Of all the methods listed, the fewest researchers reported having experience with eye-tracking (37%). A higher percentage of researchers say they have conducted accessibility tests in the past (50%), yet the percentage who say they are comfortable conducting accessibility research is actually the lowest of any method (44%).

of researchers
say they are comfortable doing accessibility research
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Tracking impact

“Research impact is when the knowledge generated by UX research influences a person, product, strategy, or organization… It’s always the influence your work has, not the work itself.”

Victoria Sosik, Senior Director of UX Research at Verizon

Since 2022, the percentage of researchers who said they weren't doing anything to actively track the impact of their work has fallen by 59% (13% in 2024 vs. 32% in 2022). Some researchers seem to be feeling under pressure to step up their reporting game: 

“Continuously trying to prove value and show impact is very exhausting,” said one person.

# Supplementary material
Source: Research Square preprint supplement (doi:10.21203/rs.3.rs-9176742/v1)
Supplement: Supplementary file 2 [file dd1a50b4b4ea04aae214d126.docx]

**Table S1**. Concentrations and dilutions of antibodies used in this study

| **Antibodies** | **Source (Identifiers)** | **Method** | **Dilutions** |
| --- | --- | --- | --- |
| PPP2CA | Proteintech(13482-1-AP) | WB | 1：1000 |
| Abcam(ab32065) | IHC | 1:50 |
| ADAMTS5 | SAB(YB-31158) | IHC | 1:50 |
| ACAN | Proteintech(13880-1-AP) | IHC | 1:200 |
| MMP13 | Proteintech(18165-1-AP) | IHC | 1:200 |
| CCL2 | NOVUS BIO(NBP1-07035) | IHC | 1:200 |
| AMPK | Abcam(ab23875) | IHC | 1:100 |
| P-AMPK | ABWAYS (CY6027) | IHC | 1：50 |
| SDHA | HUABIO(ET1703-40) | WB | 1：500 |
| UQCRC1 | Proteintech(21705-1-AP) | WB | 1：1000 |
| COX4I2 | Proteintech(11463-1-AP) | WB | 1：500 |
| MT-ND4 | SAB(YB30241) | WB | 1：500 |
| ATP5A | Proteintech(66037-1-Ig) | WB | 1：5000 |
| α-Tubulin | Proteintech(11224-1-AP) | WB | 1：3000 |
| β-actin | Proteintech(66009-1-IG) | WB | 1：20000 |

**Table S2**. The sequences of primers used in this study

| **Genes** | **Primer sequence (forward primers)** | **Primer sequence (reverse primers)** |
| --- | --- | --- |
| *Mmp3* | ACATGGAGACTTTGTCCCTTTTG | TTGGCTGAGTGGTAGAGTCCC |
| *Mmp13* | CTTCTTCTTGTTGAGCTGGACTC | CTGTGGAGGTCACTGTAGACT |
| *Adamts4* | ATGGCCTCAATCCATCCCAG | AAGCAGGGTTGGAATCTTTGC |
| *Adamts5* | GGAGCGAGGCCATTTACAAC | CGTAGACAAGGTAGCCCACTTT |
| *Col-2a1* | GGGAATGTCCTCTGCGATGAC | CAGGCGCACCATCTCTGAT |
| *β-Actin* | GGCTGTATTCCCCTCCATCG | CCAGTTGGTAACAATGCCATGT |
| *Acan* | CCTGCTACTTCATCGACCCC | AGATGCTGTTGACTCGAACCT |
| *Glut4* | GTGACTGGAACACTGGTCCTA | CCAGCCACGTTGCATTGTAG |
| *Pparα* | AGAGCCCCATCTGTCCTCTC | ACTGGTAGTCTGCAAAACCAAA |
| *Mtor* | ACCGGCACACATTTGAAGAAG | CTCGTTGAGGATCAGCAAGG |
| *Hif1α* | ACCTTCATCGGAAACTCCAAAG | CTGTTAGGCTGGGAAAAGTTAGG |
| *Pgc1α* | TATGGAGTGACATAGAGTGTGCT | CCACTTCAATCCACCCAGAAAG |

Exhausting or not, the uptick in the use of KPIs and other metrics (from 40% in 2023 to 50% in 2024) and the fact that 15% of our survey participants have revenue goals attached to their research suggests that more researchers are trying to speak to business leaders in their own language. (That is, the language of cold, hard, ARR.) 

If the rise in peer and leadership buy-in over the years is any indication (and we think it is), the extra effort folks are putting into tracking their impact is paying off. 

That said, qualitative methods for tracking impact still outweigh quantitative goals; it looks like many companies still have work to do in order to tie research goals and outcomes back to the bottom line.